While this area is well-known to the dune-buggy demographic, hikers can enjoy their own patch of sand in virtual isolation. A paved path bends around to a sand flat surrounded by rolling dunes. Head straight to the short, scrubby trees, and the trail becomes overgrown with grass before eventually giving way to muddy marshland.

Vegetation comes to a halt several feet in front of the final dune before the beach, except for some yellowing grass clinging to the side of the crest. For the next mile and a half, it might be just you and the crab carcasses on this lonely stretch of coast. That also makes for prime shell-picking from a dazzling mosaic scattered across the ground.

With your loot of whole sand dollars in hand, head inland at the brown trail sign and wander back through a savannah punctuated with stubby, twisted pines. The trail brushes past the stagnant Tahkenitch Creek several times as you tromp into deeper and wider sections of sand.

During the final portion of this loop, tiny pools of water dot the landscape. During the right time of year, you can spot tiny tadpoles darting through the reeds.

(Rachael Renee’ Levasseur)
(Rachael Renee’ Levasseur)

Drift Creek Falls

Distance: 3-3.5 miles

About two hours from Portland: Follow I-5 south and take exit 291 toward Carmen Drive/King City. Turn right onto Southwest Upper Boones Ferry Road, turn left to stay on Upper Boones Ferry, turn right onto Southwest Durham Road, then turn left onto OR 99 west. Continue on OR 99 for 18 miles, turning left on OR 18 west. Stay on OR 18 for 47.6 miles and turn left onto North Bear Creek Road, which becomes Forest Service Road 17. Continue straight for Bureau of Land Management Road 1770, where you'll reach the parking lot in a half-mile.

If you ever dreamed of fighting off attackers on a treacherously high rope bridge like Harrison Ford in Indiana Jones and the Temple of Doom, this hike will get you pretty close. The Drift Creek Falls suspension bridge can't be cut in half with a sword, but you can swing it from side to side to enhance the sense of danger.

Most impressive is the view—not just from the bridge, but of the 240-foot-long bridge from the canyon floor 100 feet below.

The hike to reach the span is easy and takes you through a forest thick with towering alder and maple trees that provide shade for most of the route. Giant ferns blanket the floor, and a stream winds near the path from time to time.

To add some excitement, and a moderate climb, take the North Loop Trail when you reach the fork. During the half-mile trek, you'll be surrounded by dense foliage, with plants starting to grow over the trail in some areas. This side trip can serve as a respite from crowds on busier days. Once you've completed the loop, you're almost to the bridge. Cross it and continue down to the water, where hikers lounge on rocks or wade through the creek below the bridge and a 75-foot waterfall.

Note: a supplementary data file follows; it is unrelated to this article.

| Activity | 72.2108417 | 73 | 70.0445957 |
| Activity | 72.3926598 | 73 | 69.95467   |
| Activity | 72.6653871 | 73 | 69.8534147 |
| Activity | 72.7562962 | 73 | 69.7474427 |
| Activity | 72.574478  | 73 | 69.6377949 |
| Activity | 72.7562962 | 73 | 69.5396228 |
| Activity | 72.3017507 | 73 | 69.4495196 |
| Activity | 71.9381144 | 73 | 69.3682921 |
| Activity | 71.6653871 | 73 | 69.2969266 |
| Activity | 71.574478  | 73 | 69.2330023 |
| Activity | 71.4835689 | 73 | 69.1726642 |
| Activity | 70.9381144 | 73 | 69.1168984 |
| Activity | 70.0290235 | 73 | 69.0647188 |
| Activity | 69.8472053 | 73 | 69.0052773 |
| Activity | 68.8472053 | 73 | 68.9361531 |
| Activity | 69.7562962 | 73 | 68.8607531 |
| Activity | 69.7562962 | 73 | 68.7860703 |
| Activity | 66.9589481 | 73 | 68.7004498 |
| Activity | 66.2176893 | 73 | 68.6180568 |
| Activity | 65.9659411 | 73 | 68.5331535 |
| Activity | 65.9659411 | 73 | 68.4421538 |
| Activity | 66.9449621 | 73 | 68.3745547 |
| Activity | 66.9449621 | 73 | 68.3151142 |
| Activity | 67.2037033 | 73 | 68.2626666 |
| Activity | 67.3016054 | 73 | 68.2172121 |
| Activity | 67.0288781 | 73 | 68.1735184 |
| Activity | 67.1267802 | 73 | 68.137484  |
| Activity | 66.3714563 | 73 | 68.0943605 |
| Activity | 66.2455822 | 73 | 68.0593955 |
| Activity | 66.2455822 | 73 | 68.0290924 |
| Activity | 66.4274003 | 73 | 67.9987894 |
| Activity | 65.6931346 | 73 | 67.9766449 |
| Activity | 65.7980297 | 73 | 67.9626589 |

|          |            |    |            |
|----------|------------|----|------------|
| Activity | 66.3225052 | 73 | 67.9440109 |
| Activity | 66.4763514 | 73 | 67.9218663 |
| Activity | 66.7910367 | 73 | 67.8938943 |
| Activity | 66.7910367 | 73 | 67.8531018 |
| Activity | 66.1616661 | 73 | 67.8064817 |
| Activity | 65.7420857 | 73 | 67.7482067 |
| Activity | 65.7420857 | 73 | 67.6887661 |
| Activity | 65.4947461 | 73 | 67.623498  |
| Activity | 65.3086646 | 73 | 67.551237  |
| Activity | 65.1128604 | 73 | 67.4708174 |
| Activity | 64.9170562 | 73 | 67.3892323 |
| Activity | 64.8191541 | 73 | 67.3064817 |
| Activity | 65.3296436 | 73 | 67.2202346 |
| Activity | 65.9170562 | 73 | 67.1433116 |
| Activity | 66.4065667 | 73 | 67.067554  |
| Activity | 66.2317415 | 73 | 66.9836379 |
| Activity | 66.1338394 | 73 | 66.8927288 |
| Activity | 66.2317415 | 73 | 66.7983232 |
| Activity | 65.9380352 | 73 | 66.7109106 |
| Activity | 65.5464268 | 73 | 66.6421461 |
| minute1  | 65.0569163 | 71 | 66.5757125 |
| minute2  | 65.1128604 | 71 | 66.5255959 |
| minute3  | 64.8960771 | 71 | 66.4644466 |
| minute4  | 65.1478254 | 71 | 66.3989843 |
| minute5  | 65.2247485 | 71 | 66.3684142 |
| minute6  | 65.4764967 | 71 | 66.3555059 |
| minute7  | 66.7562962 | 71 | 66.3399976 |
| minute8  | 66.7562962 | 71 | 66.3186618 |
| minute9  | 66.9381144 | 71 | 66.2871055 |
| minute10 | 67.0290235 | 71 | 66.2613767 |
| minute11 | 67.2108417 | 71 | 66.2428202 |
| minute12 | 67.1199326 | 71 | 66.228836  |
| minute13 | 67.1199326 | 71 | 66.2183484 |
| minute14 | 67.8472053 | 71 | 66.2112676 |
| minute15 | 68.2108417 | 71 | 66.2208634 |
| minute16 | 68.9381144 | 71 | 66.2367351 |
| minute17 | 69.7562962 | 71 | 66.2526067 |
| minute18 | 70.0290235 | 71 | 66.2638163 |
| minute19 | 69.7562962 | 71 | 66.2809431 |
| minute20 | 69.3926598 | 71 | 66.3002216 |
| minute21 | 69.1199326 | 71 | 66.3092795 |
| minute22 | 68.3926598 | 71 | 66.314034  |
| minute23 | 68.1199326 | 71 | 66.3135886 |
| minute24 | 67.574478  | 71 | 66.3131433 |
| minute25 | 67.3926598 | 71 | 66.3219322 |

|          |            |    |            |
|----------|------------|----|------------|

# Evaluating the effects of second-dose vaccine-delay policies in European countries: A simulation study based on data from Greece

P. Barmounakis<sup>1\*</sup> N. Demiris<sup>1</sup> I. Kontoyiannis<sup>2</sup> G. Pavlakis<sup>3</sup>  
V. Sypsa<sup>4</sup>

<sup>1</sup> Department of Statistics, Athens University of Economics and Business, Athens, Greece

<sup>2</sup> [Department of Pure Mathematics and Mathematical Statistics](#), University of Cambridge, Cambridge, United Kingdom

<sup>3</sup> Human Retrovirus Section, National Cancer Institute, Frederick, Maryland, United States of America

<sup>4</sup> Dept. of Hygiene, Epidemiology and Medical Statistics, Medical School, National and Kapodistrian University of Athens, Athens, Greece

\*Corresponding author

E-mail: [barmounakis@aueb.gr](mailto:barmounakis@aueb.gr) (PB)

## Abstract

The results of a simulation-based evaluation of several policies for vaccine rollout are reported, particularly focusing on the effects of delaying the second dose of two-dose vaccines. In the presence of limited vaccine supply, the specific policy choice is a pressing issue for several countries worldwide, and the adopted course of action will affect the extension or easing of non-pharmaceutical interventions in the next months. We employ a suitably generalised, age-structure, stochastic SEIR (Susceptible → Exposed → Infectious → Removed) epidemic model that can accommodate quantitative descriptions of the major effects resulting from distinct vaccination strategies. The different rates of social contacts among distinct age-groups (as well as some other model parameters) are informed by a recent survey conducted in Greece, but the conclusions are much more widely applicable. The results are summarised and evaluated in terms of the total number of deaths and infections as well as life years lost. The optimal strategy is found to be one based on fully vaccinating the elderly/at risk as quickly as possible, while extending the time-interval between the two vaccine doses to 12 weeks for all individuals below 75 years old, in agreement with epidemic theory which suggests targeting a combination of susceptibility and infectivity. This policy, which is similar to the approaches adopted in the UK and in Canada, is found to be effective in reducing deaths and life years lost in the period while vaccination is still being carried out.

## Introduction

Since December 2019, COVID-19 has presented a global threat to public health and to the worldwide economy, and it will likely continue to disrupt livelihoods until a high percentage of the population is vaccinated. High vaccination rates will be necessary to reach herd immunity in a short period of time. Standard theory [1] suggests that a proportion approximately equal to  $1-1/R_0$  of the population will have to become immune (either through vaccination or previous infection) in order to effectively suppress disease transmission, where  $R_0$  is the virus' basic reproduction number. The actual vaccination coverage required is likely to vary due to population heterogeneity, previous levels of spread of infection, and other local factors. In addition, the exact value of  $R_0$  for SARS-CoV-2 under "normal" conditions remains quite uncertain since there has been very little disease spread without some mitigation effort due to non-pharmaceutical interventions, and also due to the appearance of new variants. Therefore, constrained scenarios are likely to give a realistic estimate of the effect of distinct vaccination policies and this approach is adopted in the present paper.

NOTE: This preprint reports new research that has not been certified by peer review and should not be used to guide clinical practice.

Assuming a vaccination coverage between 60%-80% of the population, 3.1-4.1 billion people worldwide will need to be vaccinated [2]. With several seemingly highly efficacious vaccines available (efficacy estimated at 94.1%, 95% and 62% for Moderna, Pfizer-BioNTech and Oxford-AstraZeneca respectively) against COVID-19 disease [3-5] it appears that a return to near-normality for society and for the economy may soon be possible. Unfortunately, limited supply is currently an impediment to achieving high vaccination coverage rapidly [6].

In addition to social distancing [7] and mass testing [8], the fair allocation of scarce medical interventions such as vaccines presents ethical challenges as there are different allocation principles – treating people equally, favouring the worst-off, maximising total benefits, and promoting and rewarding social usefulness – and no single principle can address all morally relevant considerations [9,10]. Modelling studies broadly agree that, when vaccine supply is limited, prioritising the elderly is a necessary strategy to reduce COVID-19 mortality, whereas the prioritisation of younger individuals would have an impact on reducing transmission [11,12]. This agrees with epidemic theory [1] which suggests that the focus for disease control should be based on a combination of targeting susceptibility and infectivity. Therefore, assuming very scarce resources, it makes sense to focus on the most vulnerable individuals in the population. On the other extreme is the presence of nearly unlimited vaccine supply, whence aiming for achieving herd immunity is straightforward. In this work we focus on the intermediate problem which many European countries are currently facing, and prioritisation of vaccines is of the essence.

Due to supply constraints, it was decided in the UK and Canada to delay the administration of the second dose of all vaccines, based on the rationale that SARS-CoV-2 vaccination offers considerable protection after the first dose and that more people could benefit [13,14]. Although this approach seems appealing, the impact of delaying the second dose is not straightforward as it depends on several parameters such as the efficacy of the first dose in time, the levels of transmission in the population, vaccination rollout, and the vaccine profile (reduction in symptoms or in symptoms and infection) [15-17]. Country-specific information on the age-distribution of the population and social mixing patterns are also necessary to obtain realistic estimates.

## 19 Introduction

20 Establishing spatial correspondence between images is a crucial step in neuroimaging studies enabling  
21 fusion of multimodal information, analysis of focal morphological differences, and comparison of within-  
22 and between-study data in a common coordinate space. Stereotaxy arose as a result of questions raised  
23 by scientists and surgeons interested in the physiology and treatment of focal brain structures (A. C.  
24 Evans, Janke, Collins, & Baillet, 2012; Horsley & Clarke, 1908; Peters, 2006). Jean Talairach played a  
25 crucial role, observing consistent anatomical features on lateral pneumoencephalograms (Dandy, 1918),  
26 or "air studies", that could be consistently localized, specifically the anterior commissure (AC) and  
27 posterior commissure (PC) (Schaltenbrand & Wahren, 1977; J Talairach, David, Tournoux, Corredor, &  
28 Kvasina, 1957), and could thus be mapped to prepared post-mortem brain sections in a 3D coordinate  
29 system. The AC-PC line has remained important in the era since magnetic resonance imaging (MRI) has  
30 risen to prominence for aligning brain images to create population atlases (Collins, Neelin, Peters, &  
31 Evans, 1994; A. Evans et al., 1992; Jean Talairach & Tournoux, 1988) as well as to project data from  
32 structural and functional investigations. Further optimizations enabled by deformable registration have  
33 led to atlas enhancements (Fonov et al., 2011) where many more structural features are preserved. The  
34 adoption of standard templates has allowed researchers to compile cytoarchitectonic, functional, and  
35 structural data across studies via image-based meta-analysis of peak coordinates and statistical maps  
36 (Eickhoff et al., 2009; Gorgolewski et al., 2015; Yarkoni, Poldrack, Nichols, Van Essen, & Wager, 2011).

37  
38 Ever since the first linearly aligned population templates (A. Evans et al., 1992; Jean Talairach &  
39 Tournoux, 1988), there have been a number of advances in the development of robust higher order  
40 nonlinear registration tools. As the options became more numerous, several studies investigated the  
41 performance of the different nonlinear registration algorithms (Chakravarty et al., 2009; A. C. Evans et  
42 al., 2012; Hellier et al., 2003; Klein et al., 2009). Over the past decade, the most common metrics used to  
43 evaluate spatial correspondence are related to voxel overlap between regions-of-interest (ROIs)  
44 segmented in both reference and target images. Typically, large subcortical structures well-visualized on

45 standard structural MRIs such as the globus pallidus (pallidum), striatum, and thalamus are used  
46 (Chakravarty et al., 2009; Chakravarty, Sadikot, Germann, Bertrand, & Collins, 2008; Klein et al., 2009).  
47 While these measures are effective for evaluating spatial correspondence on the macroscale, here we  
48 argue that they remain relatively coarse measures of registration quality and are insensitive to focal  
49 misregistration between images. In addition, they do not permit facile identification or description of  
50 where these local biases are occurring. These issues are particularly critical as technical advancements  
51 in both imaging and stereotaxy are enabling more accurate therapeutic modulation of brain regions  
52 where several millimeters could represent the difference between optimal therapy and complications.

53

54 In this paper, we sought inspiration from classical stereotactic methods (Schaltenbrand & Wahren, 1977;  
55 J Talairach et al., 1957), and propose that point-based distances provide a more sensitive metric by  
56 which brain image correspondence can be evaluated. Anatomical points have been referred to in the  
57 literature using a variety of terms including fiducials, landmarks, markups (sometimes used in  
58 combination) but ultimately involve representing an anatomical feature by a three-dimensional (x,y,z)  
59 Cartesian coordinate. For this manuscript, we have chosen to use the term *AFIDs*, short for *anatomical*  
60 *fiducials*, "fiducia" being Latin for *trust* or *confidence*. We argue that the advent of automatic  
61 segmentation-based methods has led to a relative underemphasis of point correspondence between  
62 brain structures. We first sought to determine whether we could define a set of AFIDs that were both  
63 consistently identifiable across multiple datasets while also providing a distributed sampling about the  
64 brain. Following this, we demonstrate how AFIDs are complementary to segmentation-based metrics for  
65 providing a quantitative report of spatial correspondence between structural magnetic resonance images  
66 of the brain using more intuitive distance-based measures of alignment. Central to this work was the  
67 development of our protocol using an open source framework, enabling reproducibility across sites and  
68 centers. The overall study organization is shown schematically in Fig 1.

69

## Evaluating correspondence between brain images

When you return to the bridge's entrance, look for a plaque honoring Scott Paul, a Forest Service construction foreman. He died in a rigging accident in 1993 while working on the bridge, and one of his associates stepped in to finish the project as a tribute.

Cape Falcon

Distance: 5 miles

About 1 hour, 45 minutes from Portland: Follow U.S. 26 west and merge onto U.S. 101 south. Continue on U.S. 101 for 13.4 miles and park at Oswald West State Park.

[BUSHWHACKING] A hike on the coast usually involves a decision: Do you ramble under the branches of an old-growth forest or walk to the rhythm of the ocean's waves? Well, Cape Falcon has both.

From the northernmost parking lot in Oswald West State Park, follow the signs and slip into the woods darkened by heavy vegetation. Slits in the trees allow sunlight to peer through, casting an ethereal glow on the forest floor. The trail follows a moss-coated ridge that's sidekick to Short Sand Creek before veering inland. You'll gently bob and weave through gnarled Sitkas and over two more creeks, climbing at times but never for very long.

Before reaching the top, there's a suggestion of a trail after the second creek-crossing that tends to get overwhelmed with plants as the summer months march on. From there, you may be able to see the source of Blumenthal Falls before it spills over several tiers to reach Short Sand Beach. However, if it's late summer, skip the offshoot—you'll waste your time looking for a waterfall that's become a mud flat.

Press on through imposing salal shrubs that might make you feel like you're working your way through a hedge maze. Park workers have cleared a path, but late in the season overgrown shoots will claw your arms. The trail eventually splits, but either route shoots you out onto exposed bluffs with the shimmering ocean below.

The lack of strenuous inclines can make the first cliff-top vista rather surprising, because you'd normally end up peeling your pack off a sweat-soaked back to reach a view that expands north to Cannon Beach and all the way south to the Three Capes area near Pacific City.